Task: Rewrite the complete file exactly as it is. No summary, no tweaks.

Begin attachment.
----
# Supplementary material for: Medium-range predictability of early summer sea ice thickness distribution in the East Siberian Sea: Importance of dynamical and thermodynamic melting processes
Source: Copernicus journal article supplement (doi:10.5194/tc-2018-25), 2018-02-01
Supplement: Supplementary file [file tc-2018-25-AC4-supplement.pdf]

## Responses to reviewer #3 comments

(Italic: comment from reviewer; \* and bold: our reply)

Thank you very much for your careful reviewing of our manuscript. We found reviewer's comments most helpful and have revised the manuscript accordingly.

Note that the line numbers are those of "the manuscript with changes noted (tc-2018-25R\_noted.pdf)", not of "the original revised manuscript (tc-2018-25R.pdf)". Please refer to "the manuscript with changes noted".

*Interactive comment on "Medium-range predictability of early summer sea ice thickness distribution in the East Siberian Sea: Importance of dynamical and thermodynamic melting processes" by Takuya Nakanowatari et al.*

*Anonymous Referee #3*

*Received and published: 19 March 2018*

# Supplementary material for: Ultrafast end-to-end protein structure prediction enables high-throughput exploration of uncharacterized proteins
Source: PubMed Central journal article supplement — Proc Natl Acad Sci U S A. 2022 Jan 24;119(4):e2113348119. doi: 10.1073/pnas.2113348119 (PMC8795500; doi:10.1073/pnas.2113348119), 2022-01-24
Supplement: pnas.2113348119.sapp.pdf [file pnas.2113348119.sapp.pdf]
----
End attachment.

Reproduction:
# Supplementary material for: Medium-range predictability of early summer sea ice thickness distribution in the East Siberian Sea: Importance of dynamical and thermodynamic melting processes
Source: Copernicus journal article supplement (doi:10.5194/tc-2018-25), 2018-02-01
Supplement: Supplementary file [file tc-2018-25-AC4-supplement.pdf]

## Responses to reviewer #3 comments

(Italic: comment from reviewer; \* and bold: our reply)

Thank you very much for your careful reviewing of our manuscript. We found reviewer's comments most helpful and have revised the manuscript accordingly.

Note that the line numbers are those of "the manuscript with changes noted (tc-2018-25R\_noted.pdf)", not of "the original revised manuscript (tc-2018-25R.pdf)". Please refer to "the manuscript with changes noted".

*Interactive comment on "Medium-range predictability of early summer sea ice thickness distribution in the East Siberian Sea: Importance of dynamical and thermodynamic melting processes" by Takuya Nakanowatari et al.*

*Anonymous Referee #3*

*Received and published: 19 March 2018*

# Supplementary material for: Ultrafast end-to-end protein structure prediction enables high-throughput exploration of uncharacterized proteins
Source: PubMed Central journal article supplement — Proc Natl Acad Sci U S A. 2022 Jan 24;119(4):e2113348119. doi: 10.1073/pnas.2113348119 (PMC8795500; doi:10.1073/pnas.2113348119), 2022-01-24
Supplement: pnas.2113348119.sapp.pdf [file pnas.2113348119.sapp.pdf]